ROOM: FILM & BOOK REVIEW | fivethreeninety

This is a review I have been very excited to discuss since hearing about the book and film. The 2010 novel Room by Irish born writer Emma Donoghue is the first book I read of 2016, though I was up to the thirtieth page from reading the book in segments in bookshops before having my own copy. Honestly, the last time a book touched me in this way was reading Wild by Cheryl Strayed, and unlike that story, the film adaptation brings the exact same moving nature to the screen.

The book follows the lives of Jack and his Ma, who live in a ten by ten foot space that Jack knows as Room. He has been brought up to believe that Room is the entire world, and is unaware that his mother has been trapped there for seven years by the man he calls ‘Old Nick’. They have a bed, a bath and a skylight, and nothing but a TV to give them an insight into the outside world – though Jack believes TV to be not from real life. A few days after Jack’s fifth birthday, driven by the news that their captor has been let off work, Ma decides to tell Jack about the world. She plots to escape, and show her son the world he has been missing out on. Donoghue has said in many interviews that story isn’t based on any true case directly, but apparently she was inspired after hearing about the Austrian Fritzl case that emerged in 2008.  One of the story’s true horrors is that it is an entirely plausible event.

The writing style is so clever, from a five year old’s perspective and without chapters. The book instead has five sections, and each of those is all ramble-y descriptions and thoughts from Jack. It’s this lack of chapters which makes the book so easy to get lost in and impossible to put down. There a few things you have to figure out for yourself as the book goes along, such as the logic behind the nickname ‘Old Nick’, and phrases such as “have some” that once clicked in your head you realise are genius.

The ending is perfect too. I found myself wondering about how the book was going to finish, how it was going the leave the story, but what she wrote is nothing short of perfect. It gives absolute closure to the story, and leaves you satisfied and teary eyed.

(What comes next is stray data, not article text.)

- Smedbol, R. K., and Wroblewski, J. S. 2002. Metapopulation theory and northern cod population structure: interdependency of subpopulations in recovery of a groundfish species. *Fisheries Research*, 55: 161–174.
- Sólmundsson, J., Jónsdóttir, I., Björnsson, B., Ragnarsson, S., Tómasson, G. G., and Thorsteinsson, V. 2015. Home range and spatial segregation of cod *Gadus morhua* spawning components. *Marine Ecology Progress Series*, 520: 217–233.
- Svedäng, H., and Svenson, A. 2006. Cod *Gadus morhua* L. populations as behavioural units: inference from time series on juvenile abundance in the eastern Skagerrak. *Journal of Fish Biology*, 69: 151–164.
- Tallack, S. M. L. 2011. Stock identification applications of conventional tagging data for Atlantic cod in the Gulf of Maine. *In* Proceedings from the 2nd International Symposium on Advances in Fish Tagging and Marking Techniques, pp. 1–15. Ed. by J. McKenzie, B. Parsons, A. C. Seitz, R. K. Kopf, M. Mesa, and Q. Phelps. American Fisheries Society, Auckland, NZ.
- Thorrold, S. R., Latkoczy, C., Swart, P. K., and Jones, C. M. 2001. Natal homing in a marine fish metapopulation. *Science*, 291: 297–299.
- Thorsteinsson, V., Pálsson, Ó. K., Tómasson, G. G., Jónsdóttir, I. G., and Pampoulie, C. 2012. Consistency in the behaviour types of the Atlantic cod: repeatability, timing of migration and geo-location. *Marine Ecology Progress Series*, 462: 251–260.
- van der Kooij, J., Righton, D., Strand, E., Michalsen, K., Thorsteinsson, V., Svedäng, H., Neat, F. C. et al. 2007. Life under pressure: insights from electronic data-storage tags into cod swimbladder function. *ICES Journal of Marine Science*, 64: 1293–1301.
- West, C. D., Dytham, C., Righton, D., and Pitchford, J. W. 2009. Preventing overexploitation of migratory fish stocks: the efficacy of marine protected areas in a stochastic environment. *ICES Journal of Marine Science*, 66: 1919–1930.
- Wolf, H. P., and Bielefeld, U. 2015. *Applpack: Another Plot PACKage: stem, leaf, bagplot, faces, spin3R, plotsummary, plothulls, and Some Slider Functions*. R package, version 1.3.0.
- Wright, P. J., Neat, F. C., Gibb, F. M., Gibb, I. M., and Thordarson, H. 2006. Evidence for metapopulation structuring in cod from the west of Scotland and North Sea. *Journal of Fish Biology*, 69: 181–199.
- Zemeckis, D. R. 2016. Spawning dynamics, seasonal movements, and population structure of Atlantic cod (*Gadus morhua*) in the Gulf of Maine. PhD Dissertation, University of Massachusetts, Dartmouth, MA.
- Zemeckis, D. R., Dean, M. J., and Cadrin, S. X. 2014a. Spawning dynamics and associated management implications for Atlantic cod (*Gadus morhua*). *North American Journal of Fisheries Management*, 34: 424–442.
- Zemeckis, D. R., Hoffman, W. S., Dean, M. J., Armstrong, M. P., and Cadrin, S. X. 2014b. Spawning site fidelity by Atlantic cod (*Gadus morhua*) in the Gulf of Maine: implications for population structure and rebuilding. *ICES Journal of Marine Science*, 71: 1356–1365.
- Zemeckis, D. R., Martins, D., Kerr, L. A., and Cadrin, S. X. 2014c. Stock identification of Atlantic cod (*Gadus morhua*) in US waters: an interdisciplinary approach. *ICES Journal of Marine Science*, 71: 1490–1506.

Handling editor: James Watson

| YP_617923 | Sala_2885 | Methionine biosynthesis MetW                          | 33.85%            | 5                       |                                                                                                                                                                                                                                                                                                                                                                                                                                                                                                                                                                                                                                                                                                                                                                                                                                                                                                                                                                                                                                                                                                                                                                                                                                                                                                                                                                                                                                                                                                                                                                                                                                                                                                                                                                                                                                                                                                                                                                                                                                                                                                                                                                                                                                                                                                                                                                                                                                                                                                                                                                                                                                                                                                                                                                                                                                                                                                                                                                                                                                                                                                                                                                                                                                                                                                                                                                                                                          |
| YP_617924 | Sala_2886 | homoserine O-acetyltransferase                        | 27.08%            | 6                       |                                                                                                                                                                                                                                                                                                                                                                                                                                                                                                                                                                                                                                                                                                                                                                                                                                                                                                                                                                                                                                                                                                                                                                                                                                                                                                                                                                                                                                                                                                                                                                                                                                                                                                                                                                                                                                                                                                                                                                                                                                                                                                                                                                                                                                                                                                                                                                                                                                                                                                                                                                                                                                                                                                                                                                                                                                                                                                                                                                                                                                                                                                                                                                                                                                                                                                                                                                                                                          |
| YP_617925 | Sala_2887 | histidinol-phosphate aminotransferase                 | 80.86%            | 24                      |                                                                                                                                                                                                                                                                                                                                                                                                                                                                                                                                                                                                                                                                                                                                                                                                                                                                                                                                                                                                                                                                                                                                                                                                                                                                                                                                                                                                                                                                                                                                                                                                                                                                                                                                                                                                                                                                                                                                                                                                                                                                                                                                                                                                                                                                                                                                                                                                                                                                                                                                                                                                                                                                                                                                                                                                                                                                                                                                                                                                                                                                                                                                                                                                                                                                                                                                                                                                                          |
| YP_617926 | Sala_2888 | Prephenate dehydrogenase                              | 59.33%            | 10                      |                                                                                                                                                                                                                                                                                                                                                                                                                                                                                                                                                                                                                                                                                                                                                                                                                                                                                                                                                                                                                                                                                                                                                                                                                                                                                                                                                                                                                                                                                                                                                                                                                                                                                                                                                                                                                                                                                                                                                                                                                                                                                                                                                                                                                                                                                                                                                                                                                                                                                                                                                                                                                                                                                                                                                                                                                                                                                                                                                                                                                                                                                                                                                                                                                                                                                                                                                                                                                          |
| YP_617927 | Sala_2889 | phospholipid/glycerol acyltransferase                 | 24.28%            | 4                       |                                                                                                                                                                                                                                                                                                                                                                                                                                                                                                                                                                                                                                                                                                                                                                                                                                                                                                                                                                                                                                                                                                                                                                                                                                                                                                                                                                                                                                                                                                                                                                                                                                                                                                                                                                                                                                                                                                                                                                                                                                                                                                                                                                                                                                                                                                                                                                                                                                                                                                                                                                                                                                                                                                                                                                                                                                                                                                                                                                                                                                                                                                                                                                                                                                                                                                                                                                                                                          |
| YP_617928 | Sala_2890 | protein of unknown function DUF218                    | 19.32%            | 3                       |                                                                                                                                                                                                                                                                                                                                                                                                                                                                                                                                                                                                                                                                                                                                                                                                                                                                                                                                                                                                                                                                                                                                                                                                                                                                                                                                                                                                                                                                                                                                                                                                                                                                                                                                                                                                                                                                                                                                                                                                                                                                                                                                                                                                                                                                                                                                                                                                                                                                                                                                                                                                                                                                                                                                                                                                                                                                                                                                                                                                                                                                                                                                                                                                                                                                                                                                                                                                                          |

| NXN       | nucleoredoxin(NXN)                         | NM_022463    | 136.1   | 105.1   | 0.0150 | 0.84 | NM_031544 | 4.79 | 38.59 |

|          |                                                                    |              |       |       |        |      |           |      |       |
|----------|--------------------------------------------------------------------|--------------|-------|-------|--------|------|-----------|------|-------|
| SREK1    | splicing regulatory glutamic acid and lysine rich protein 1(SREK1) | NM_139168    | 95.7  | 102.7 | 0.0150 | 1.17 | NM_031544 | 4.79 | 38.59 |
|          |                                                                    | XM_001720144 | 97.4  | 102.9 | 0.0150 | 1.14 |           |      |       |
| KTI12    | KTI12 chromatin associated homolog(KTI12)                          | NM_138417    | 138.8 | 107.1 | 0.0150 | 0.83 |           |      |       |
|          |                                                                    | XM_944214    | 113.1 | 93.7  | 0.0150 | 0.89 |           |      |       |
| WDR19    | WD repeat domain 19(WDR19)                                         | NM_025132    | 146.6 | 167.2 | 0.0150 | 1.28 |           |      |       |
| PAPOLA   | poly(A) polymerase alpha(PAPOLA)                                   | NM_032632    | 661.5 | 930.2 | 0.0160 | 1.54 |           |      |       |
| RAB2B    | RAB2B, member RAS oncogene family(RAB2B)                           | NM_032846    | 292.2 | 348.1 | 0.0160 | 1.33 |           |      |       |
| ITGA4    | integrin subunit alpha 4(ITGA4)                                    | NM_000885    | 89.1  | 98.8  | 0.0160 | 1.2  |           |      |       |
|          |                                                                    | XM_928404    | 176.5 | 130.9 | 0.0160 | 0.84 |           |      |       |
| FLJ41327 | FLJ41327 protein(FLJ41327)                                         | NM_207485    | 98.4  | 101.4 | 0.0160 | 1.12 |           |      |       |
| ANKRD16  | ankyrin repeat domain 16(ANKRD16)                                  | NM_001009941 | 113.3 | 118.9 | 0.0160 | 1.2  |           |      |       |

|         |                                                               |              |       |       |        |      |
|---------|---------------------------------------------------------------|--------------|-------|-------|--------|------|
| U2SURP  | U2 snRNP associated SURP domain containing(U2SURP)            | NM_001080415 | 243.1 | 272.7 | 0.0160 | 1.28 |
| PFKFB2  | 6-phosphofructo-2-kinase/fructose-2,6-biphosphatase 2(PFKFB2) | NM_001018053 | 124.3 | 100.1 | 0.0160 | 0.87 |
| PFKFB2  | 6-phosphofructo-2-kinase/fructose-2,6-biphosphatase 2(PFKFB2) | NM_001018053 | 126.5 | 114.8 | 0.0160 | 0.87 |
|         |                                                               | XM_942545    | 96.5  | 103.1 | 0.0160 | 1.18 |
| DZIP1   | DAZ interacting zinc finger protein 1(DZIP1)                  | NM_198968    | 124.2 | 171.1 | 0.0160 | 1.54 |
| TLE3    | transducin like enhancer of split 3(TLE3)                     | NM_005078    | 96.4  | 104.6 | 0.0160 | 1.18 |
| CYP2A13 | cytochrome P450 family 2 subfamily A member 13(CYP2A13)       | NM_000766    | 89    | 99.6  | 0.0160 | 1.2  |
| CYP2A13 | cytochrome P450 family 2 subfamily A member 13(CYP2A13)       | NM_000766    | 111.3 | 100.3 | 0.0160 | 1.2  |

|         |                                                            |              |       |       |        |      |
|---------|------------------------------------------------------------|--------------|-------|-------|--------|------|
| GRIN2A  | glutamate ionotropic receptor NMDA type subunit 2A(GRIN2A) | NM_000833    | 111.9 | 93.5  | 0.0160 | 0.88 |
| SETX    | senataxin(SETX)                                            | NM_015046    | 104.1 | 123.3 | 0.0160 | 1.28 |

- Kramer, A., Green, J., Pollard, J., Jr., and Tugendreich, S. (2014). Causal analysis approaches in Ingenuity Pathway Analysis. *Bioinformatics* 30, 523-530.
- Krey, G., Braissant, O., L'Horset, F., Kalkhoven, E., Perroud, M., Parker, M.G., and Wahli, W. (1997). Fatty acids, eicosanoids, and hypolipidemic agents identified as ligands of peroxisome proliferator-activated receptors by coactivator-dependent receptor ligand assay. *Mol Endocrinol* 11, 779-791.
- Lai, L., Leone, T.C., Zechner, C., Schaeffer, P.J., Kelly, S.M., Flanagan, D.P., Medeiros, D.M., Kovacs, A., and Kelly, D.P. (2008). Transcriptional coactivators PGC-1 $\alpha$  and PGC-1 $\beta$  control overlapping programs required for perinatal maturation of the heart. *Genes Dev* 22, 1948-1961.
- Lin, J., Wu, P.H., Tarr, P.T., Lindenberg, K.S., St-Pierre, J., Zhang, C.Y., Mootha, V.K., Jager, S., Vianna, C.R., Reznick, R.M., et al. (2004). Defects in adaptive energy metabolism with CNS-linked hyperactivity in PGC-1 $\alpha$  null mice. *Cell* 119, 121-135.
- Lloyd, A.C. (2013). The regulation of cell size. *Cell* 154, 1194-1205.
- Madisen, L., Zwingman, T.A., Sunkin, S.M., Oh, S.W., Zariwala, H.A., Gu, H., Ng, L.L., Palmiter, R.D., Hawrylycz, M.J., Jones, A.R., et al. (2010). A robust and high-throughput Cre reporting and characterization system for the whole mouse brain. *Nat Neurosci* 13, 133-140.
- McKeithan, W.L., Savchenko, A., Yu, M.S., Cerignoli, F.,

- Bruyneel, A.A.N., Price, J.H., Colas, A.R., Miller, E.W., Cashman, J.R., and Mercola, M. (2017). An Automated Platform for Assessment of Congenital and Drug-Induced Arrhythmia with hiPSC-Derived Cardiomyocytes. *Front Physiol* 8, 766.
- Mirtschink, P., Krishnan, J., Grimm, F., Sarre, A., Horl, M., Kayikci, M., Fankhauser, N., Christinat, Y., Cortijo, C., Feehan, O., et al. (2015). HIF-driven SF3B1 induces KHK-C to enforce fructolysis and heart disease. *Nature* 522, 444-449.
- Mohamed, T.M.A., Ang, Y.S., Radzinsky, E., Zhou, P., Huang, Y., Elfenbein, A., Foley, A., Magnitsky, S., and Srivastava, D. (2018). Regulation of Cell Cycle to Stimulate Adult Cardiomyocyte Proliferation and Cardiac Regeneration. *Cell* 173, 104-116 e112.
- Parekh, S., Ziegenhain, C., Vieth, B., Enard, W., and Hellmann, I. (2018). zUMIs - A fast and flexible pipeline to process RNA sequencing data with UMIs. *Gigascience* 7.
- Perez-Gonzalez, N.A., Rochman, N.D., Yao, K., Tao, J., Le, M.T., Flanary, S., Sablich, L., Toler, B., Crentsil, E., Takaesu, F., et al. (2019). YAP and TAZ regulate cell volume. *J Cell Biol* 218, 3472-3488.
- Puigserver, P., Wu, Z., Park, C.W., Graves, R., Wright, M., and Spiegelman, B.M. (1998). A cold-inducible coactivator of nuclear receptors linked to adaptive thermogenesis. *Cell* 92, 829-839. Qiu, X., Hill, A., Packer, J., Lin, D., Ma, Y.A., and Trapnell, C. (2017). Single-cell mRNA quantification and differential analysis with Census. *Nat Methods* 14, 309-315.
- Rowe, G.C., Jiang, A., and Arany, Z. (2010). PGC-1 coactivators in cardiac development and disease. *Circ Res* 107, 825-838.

Reading my copy on the plane to Madrid

Obviously as such a fan of the book, you’d expect me to have my reservations about seeing the film. Strangely I really wasn’t that apprehensive about it, instead desperate to see it, though I did have to wait to see the film till after my Mum had finished the book, as once I’d read the last page I’d thrust it into her hands and demanded she read it too.

The screenplay is also by the book’s author, Emma Donoghue, so the nature and feeling of the film is totally true to the book. There are scenes missing from the book and scenes added to the film but none of it feels wrong, which is very hard for a film adaptation to achieve. The only change I’ve wondered about it the decision to make the character of Ma/Joy two years younger – in the book she was captured at nineteen, and escaped at twenty-six, but in the film this was seventeen and twenty-four. This was probably done to fit Brie Larson’s age though so I’m not worrying too much about it.

Directed by Lenny Abrahamson, the film brings so much emotion to the story. His direction is beautiful, from the first shot following Jack’s point of view as he looks up at the roof in Room. The film tells the whole story, but always comes back to Jack’s perspective on it, forever connecting the audience with his emotion and remaining true to the original novel. It’s also brilliantly done in the sense of capturing the moments – I knew what was going to happen, but found my heart racing throughout the escape scene.

The most stunning performance is by Brie Larson as Joy Newsome, Jack’s Ma. She plays the character to such perfection, showing her utter strength, frustration, vulnerability, and violation. The film starts with her at utter strength, saving face in front of Jack for his protection, and in front of Old Nick for her own protection. Once the escape happens she gradually changes. She doesn’t stay strong for anyone anymore, including herself. The contentment she experiences from rejoining the outside world is short-lived when things aren’t exactly how she imagined them to be. She relishes in the freedom from her captive and having personal space, but struggles with the news of her parent’s separation, and returning to a life she hasn’t lived since she was seventeen years old. There are moments that particularly highlight this: most notably the fight with her mother.